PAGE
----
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Anna Korhonen
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Eeva Korteniemi
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Location & Connections

 

Visiting Fellows 2014-2015

Olga Kniazeva, University of British Columbia, Canada

“Opposition and Dissent in Petro-States: International Oil Markets and Political Mobilization"
(August-September 2014)

Biography:
Olga Kniazeva (formerly Olga Beznosova) obtained a PhD degree in political science from the University of British Columbia in November 2013. Her dissertation was entitled “Opposition and Dissent in Petro-States: International Oil Markets and Political Mobilization in Russia.” She is as a sessional instructor in comparative politics at the department of political science, University of British Columbia, and also manages a portfolio of complex multifaceted projects involving federal, provincial, and First Nations governance structures and organizations. Olga’s research interests include Russia’s political economy of oil and regime transitions, Russia’s welfare state, state-society relations, Russia’s energy policy and strategy (including development of renewable energy in a petro-state), and informal institutions.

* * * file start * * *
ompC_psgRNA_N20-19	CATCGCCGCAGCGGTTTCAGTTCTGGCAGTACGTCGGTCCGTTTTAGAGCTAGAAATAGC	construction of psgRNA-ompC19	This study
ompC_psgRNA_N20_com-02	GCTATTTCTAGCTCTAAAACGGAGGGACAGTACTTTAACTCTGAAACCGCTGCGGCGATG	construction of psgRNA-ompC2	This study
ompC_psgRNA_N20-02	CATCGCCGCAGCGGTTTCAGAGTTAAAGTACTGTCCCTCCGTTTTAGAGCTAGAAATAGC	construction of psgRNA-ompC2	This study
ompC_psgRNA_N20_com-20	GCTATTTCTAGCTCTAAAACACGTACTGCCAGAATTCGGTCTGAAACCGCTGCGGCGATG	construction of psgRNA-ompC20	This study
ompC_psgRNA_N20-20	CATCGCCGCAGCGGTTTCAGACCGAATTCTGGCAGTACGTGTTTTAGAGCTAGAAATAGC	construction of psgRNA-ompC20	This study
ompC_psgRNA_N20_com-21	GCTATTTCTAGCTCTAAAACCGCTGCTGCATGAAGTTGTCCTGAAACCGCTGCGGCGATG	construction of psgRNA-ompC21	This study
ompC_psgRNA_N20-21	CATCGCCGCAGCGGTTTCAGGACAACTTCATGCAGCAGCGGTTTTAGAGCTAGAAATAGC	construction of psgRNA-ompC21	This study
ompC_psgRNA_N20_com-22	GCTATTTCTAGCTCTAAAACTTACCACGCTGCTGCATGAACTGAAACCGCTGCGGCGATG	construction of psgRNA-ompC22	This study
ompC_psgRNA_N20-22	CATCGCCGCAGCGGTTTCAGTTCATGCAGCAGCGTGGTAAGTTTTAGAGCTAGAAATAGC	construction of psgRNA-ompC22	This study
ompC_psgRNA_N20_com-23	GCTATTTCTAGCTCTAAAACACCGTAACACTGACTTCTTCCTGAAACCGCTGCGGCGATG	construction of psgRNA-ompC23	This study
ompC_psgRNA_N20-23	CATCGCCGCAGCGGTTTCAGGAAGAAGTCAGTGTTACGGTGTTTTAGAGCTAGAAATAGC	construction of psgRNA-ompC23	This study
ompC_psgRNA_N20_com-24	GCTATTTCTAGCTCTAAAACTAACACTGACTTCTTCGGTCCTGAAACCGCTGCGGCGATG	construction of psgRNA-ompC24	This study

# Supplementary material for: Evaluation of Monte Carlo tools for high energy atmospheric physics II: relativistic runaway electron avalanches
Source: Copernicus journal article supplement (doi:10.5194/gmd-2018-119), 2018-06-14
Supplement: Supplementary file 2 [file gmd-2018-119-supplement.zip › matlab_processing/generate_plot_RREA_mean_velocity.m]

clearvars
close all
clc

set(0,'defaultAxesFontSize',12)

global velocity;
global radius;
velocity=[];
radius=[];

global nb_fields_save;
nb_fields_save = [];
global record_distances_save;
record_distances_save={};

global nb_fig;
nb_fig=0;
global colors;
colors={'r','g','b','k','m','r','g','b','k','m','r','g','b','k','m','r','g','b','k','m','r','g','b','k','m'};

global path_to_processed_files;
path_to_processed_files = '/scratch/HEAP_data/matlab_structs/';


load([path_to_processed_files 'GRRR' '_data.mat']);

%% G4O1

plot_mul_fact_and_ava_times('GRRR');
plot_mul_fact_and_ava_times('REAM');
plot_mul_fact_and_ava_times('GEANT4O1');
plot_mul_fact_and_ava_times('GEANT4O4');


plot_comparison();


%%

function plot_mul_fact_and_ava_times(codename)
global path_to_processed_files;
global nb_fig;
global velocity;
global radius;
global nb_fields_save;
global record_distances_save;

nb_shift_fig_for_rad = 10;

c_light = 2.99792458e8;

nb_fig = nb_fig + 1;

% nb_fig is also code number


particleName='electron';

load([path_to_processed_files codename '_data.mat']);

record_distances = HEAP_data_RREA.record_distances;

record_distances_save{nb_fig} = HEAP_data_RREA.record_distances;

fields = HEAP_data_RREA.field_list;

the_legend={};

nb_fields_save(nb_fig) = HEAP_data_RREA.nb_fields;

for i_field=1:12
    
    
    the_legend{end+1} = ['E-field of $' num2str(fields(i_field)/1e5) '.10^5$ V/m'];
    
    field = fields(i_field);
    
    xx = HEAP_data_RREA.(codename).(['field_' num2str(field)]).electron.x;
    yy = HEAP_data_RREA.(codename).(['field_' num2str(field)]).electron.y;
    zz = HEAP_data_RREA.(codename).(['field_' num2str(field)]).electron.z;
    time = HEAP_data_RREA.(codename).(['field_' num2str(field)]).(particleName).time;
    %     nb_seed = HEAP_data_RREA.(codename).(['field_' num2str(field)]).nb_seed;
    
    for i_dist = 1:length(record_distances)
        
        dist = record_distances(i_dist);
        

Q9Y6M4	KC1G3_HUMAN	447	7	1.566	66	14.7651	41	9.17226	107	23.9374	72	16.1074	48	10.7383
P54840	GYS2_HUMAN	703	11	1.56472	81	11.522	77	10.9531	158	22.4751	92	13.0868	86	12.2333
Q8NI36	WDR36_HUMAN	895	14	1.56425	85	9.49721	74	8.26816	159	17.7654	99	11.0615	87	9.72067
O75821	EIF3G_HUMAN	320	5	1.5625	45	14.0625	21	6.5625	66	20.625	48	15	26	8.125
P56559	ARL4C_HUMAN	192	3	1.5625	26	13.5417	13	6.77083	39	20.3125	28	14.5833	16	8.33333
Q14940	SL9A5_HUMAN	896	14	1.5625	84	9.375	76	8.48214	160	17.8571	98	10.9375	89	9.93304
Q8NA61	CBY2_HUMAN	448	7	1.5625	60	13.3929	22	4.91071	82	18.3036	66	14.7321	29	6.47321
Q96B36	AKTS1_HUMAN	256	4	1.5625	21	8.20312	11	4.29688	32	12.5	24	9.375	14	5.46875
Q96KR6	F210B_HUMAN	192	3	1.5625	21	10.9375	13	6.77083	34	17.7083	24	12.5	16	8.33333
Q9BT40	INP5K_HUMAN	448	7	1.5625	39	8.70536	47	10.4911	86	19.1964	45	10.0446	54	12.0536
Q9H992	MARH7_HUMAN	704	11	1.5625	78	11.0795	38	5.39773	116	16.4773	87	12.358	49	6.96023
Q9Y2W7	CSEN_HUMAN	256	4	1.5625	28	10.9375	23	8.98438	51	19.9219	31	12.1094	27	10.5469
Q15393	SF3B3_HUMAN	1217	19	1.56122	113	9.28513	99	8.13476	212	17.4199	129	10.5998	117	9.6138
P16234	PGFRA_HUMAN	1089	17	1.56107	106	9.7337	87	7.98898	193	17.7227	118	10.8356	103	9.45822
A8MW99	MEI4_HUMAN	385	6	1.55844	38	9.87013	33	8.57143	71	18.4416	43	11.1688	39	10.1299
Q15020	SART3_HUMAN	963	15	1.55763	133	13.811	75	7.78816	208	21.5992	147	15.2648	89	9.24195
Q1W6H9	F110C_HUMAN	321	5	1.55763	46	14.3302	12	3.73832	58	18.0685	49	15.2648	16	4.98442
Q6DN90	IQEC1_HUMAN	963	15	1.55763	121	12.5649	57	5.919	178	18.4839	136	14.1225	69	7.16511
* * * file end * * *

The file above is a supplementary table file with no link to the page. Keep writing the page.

Abstract of current research:
Many observers today find themselves pondering the role of oil and gas sector in political economy and politics more generally. Oil is the fundamental force that runs underneath all political currents in petro-states. It lubricates state-society relations. It intervenes in domestic and foreign policies. What is the relationship between natural resources and democracy, and how can oil-rich countries escape the trap of oil-led development often associated with misuse of power? Are petroleum-exporting states indeed “cursed” by this abundance and doomed to remain authoritarian in the years to come?

I examine the dynamics of regime transitions between authoritarian and democratic rule in pre- and post-communist Russia. The main contribution of this project is to identify precise mechanisms of how oil rent fluctuations translate into political regime transition. Using direct evidence I test the hypotheses that external economic shocks shape the state’s behavior and mass political contention. I find that the critical (and missing) link between political economy and the resulting regime type is in state-society relations in the form of an oil-based social contract. As a result the state is seen as a provider and guarantor of public good and social benefits and hence the societal actors give up their bargaining power in order to obtain those perks. The society itself invites and approves of the state dominance. Thus political contention declines and democracy deteriorates.

Email: olga.beznosova [at] gmail.com

Academic hosts at the Aleksanteri Institute: Veli-Pekka Tynkkynen and Emma Hakala